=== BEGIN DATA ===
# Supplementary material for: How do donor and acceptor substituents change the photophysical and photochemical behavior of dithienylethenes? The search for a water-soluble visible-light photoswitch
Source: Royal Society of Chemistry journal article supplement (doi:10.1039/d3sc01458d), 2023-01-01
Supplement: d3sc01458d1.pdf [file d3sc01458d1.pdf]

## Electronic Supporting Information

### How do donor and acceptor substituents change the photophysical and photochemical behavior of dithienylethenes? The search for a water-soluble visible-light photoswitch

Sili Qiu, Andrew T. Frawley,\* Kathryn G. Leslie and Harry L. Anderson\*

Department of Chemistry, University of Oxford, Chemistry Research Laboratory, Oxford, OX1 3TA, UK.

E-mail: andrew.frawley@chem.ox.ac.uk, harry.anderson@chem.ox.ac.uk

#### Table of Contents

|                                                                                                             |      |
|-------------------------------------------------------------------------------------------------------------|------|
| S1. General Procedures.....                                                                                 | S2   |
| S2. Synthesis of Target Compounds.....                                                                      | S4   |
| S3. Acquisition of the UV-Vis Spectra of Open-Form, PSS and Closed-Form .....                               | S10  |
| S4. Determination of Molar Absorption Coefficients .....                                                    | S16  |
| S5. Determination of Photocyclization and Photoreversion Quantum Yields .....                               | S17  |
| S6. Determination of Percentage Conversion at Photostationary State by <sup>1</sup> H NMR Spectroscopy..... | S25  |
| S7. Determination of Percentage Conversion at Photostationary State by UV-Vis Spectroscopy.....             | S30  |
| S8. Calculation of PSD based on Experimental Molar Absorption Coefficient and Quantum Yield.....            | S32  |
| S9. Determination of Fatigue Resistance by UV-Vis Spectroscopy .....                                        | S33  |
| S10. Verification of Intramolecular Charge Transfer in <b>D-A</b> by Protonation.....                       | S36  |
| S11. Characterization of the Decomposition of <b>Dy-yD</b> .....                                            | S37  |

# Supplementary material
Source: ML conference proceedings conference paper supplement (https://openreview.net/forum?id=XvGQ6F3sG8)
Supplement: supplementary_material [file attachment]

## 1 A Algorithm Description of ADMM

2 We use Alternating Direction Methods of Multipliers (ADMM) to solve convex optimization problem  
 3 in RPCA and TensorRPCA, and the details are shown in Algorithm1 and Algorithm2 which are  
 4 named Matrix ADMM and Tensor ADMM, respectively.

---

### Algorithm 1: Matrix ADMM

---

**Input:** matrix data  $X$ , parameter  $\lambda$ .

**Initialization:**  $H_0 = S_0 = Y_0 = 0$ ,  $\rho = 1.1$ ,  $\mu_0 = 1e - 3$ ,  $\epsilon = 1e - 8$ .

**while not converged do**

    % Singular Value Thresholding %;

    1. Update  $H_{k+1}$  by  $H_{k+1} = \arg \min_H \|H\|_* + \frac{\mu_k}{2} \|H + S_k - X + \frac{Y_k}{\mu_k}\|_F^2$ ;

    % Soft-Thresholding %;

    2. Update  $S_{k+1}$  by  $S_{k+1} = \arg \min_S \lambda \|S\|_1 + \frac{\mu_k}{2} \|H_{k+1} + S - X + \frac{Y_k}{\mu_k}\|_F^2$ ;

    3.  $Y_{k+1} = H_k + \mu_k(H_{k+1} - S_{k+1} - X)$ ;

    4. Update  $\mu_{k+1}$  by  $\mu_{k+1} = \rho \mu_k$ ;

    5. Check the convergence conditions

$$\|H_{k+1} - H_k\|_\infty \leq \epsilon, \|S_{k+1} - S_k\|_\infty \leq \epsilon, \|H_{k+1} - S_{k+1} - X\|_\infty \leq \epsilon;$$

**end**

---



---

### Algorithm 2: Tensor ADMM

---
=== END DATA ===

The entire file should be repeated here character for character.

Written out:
# Supplementary material for: How do donor and acceptor substituents change the photophysical and photochemical behavior of dithienylethenes? The search for a water-soluble visible-light photoswitch
Source: Royal Society of Chemistry journal article supplement (doi:10.1039/d3sc01458d), 2023-01-01
Supplement: d3sc01458d1.pdf [file d3sc01458d1.pdf]

## Electronic Supporting Information

### How do donor and acceptor substituents change the photophysical and photochemical behavior of dithienylethenes? The search for a water-soluble visible-light photoswitch

Sili Qiu, Andrew T. Frawley,\* Kathryn G. Leslie and Harry L. Anderson\*

Department of Chemistry, University of Oxford, Chemistry Research Laboratory, Oxford, OX1 3TA, UK.

E-mail: andrew.frawley@chem.ox.ac.uk, harry.anderson@chem.ox.ac.uk

#### Table of Contents

|                                                                                                             |      |
|-------------------------------------------------------------------------------------------------------------|------|
| S1. General Procedures.....                                                                                 | S2   |
| S2. Synthesis of Target Compounds.....                                                                      | S4   |
| S3. Acquisition of the UV-Vis Spectra of Open-Form, PSS and Closed-Form .....                               | S10  |
| S4. Determination of Molar Absorption Coefficients .....                                                    | S16  |
| S5. Determination of Photocyclization and Photoreversion Quantum Yields .....                               | S17  |
| S6. Determination of Percentage Conversion at Photostationary State by <sup>1</sup> H NMR Spectroscopy..... | S25  |
| S7. Determination of Percentage Conversion at Photostationary State by UV-Vis Spectroscopy.....             | S30  |
| S8. Calculation of PSD based on Experimental Molar Absorption Coefficient and Quantum Yield.....            | S32  |
| S9. Determination of Fatigue Resistance by UV-Vis Spectroscopy .....                                        | S33  |
| S10. Verification of Intramolecular Charge Transfer in <b>D-A</b> by Protonation.....                       | S36  |
| S11. Characterization of the Decomposition of <b>Dy-yD</b> .....                                            | S37  |

# Supplementary material
Source: ML conference proceedings conference paper supplement (https://openreview.net/forum?id=XvGQ6F3sG8)
Supplement: supplementary_material [file attachment]

## 1 A Algorithm Description of ADMM

2 We use Alternating Direction Methods of Multipliers (ADMM) to solve convex optimization problem  
 3 in RPCA and TensorRPCA, and the details are shown in Algorithm1 and Algorithm2 which are  
 4 named Matrix ADMM and Tensor ADMM, respectively.

---

### Algorithm 1: Matrix ADMM

---

**Input:** matrix data  $X$ , parameter  $\lambda$ .

**Initialization:**  $H_0 = S_0 = Y_0 = 0$ ,  $\rho = 1.1$ ,  $\mu_0 = 1e - 3$ ,  $\epsilon = 1e - 8$ .

**while not converged do**

    % Singular Value Thresholding %;

    1. Update  $H_{k+1}$  by  $H_{k+1} = \arg \min_H \|H\|_* + \frac{\mu_k}{2} \|H + S_k - X + \frac{Y_k}{\mu_k}\|_F^2$ ;

    % Soft-Thresholding %;

    2. Update  $S_{k+1}$  by  $S_{k+1} = \arg \min_S \lambda \|S\|_1 + \frac{\mu_k}{2} \|H_{k+1} + S - X + \frac{Y_k}{\mu_k}\|_F^2$ ;

    3.  $Y_{k+1} = H_k + \mu_k(H_{k+1} - S_{k+1} - X)$ ;

    4. Update  $\mu_{k+1}$  by  $\mu_{k+1} = \rho \mu_k$ ;

    5. Check the convergence conditions

$$\|H_{k+1} - H_k\|_\infty \leq \epsilon, \|S_{k+1} - S_k\|_\infty \leq \epsilon, \|H_{k+1} - S_{k+1} - X\|_\infty \leq \epsilon;$$

**end**

---



---

### Algorithm 2: Tensor ADMM

---